Everything we do today is somehow digital-based. We often get news updates from the internet. We share photos on social media. Trending topics are discussed on Twitter. Bloggers opine and fill the minds of avid readers. Photographers publish their photographs online so the world can see their works of art.

Teachers are even more keen on digitizing their learning content. There are flipped classrooms everywhere, students bring their own device, classrooms from across the globe connect with each other using webinars, and more.

There of course goes, story-centric learning design. Teachers will oftentimes start delivering their lessons using stories as frameworks. They start crafting witty stories about a certain character, and make students relate to those stories, then share feedback and insights. Stories have always perked our minds and caught our interest, because they allow us to create an emotional connection. We always have that story that gives us an “aww” feeling, that story that makes us feel all sorts of emotions, whether they’re positive or negative.

Digital storytelling is another step in storytelling. The use of digital storytelling is widely adopted by most schools as a method of building a deeper engagement with students, as well as make them multimedia literates – a 21st century learning skill. Digital storytelling is similar to the traditional way – focusing on a specific topic. As the name implies, digital storytelling contains multimedia content – videos, recorded audio, images, etc. Digital stories pique student interest and capitalize on their creative talents as they maximize every resource to create rich and deep content they can use to create digital stories of their own.

There are digital stories however, which aren’t constructed as compelling as what the author might have intended. Sure, an author might have invested time and resources to create the perfect digital story, but sometimes it just isn’t enough. There might be a few miscues here and there. It’s avoidable, of course, so read on to know how.

Connect and relate your audience to the message

Students, and people in general, remember from a story the feelings of the underlying message. Digital stories have to be relatable and make the students feel like they’re the character and that they’re part of the story. You can create characters which relate to real-life student experiences and you can expect the oohs and ahhs from students.

Avoid overwhelming designs

The modern design language emphasize minimalism and content over chrome. Apple, Google and Microsoft are all implementing minimalism on their user interfaces. As a digital storyteller, minimalism should also be used. Students oftentimes get distracted by design clutter which makes them focus less on the story. You also have to avoid clustering wherein there is too much content concentration in one area. Even-out content distribution to keep learners engaged. Remember that less is more.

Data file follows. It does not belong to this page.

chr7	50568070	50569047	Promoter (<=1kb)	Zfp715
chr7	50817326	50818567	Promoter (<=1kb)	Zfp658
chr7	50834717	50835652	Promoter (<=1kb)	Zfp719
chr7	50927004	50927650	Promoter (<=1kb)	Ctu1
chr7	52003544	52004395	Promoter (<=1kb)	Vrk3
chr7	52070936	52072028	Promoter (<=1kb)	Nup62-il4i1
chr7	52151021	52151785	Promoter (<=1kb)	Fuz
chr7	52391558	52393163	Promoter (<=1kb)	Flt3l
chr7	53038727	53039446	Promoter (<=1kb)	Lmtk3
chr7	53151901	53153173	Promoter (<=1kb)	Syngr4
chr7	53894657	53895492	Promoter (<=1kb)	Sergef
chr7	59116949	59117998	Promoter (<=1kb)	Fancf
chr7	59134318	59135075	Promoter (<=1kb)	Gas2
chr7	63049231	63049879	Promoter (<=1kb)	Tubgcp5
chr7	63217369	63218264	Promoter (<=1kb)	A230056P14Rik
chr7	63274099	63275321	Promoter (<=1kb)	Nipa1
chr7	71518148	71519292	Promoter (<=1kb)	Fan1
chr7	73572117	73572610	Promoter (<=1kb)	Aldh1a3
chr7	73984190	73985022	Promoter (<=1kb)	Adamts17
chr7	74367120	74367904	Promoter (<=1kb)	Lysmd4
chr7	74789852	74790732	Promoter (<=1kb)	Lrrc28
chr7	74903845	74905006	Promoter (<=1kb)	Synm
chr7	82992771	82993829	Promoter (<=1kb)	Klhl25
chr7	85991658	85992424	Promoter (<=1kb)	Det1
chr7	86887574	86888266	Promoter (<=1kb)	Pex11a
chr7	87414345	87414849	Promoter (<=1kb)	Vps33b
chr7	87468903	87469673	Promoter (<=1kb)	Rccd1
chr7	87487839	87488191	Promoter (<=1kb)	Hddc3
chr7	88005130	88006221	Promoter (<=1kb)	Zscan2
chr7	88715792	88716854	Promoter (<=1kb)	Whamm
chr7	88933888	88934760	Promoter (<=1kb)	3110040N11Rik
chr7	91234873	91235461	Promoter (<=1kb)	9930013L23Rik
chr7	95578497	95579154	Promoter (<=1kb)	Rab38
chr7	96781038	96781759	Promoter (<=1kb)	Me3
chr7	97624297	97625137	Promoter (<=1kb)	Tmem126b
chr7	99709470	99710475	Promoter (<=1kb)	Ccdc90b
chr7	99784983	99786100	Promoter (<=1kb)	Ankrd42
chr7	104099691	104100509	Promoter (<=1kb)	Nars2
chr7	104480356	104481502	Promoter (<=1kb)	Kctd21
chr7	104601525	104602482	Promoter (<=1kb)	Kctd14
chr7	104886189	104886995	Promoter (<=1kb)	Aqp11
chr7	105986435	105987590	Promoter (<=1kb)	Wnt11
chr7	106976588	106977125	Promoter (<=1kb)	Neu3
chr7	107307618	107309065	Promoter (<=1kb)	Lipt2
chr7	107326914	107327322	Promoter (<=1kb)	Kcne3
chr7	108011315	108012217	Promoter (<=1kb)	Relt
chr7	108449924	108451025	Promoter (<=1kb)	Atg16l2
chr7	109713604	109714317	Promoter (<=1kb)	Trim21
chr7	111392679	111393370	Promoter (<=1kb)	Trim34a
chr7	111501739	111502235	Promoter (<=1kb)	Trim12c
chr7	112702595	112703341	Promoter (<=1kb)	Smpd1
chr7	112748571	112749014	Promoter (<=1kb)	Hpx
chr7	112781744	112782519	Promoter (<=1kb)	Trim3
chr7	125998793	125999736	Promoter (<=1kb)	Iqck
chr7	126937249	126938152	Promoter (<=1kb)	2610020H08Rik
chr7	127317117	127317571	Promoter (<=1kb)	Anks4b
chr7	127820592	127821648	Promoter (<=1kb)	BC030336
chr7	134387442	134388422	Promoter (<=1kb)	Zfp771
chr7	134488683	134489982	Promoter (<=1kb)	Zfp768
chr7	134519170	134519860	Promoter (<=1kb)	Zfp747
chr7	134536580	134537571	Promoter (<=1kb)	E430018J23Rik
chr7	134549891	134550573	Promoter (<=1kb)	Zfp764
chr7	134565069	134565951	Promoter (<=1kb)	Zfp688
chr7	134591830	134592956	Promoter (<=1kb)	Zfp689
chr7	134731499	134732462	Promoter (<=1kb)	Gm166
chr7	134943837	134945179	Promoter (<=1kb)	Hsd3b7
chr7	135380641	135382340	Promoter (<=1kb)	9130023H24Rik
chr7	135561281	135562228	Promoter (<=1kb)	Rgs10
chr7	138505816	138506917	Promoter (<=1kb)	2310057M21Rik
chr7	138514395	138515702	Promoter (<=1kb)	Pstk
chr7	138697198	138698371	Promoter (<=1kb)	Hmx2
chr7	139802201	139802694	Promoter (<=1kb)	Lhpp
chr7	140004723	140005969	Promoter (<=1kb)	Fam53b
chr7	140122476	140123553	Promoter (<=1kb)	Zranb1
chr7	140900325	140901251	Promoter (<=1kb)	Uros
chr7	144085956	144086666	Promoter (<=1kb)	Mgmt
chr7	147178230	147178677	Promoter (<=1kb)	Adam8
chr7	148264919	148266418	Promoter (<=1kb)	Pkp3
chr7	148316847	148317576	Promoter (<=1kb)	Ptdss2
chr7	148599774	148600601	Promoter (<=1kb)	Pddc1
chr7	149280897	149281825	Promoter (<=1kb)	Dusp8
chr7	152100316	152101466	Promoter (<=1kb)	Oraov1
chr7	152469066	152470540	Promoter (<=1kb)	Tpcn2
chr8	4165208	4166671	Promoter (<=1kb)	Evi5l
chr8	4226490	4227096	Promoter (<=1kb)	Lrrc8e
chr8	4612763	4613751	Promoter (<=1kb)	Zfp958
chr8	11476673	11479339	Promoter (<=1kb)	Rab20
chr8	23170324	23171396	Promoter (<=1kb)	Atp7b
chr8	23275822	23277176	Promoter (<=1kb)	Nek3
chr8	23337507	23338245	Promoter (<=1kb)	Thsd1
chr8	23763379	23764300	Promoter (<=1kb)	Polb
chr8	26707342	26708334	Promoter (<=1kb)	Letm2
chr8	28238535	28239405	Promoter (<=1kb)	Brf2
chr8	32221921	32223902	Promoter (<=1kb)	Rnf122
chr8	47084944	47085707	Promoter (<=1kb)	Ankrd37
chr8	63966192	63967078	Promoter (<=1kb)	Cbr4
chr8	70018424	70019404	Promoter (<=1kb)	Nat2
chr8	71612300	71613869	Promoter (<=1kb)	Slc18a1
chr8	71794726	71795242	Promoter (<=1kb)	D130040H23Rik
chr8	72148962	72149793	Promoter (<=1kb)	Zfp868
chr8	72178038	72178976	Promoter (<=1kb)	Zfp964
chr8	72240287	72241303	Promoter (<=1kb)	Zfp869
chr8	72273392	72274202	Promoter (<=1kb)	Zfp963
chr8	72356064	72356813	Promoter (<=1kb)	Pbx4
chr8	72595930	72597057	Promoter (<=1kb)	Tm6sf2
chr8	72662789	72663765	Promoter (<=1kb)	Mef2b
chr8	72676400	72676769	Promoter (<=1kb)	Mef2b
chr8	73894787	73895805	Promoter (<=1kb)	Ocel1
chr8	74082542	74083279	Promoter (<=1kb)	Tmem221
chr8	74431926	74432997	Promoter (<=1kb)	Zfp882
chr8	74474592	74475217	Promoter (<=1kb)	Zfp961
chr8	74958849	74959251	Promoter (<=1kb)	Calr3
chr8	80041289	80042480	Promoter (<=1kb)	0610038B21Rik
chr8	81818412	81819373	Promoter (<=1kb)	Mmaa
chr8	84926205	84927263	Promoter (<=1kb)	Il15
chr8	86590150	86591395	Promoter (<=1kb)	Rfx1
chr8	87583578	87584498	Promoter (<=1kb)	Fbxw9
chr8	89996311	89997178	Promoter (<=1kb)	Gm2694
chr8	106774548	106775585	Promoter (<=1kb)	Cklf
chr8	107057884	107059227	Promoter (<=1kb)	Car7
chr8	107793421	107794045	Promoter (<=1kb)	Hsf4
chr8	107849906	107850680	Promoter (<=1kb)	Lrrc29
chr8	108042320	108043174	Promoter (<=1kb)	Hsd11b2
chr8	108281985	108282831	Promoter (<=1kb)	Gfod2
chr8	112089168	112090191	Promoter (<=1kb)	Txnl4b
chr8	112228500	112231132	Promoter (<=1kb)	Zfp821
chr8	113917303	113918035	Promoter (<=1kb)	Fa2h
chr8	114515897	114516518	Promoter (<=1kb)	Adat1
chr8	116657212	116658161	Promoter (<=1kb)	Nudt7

Use a realistic dialogue

There are stories which use dialogues that are too corny, odd and out-of-place and that throws the audience out of the story. According to amandalewan.com, pay attention to the in-story dialogue and quotes. Make it as realistic as possible, like relating it to an everyday conversation between two people.

Do the research

Crafting a story isn’t just for the sake of crafting one – you have to be an expert at what you’re trying to convey. Do enough research about the subject you’re authoring. This makes the story sound really convincing and grabs more attention.

Rhythmize

Make sure your story has a good rhythm. Keep the story moving. Establish proper pacing for the story. Too slow and it’s boring. Too fast and the audience are left to play catch-up with the plot. For example, action-oriented stories normally have a fast-paced plot, while emotional ones have a slow pacing one. Also, know when to slow down or speed up the established pace to keep audience interest.

Craft dynamic and static characters

Let’s start with the dynamic character. This is a character who is changed by whatever’s happening in the plot, like a rags-to-riches kind of character, or a good-turned-bad person. The static character, meanwhile, doesn’t change despite conflicts and resolutions in the plot. The static character maintains the tone and makes things even for the plot.

Quality, not quantity

This mostly refers to the images used. There are students and teachers who, when they begin collecting and collating photos to accompany their story, are overtaken by emotions and tell stories with dozens of picture, and soon the story becomes a digital scrapbook. Of course this is not how it works. Limit your images to fifteen at most, depending on how long the story is. Choose the best photos to use with your story because they make stories even more engaging and convincing.

It pretty much depends on your taste on how you craft your story, but the main thing is, digital stories don’t need to be straightforward. Inject the fun and keep the audience interest flowing. You can look up the internet for best examples of digital stories crafted by some of the best minds here and there.

Do you have a digital story that you can share? Post them in the feedback section below!

Author: Enzo Froilan

Enzo is a marketing consultant by profession and a passionate e-learning blogger. He’s also a Microsoft Education Ambassador and an advocate for education, so his articles discuss e-learning not just from the insights of a student but also a from a teacher’s perspective, by leveraging his experience to deliver helpful posts.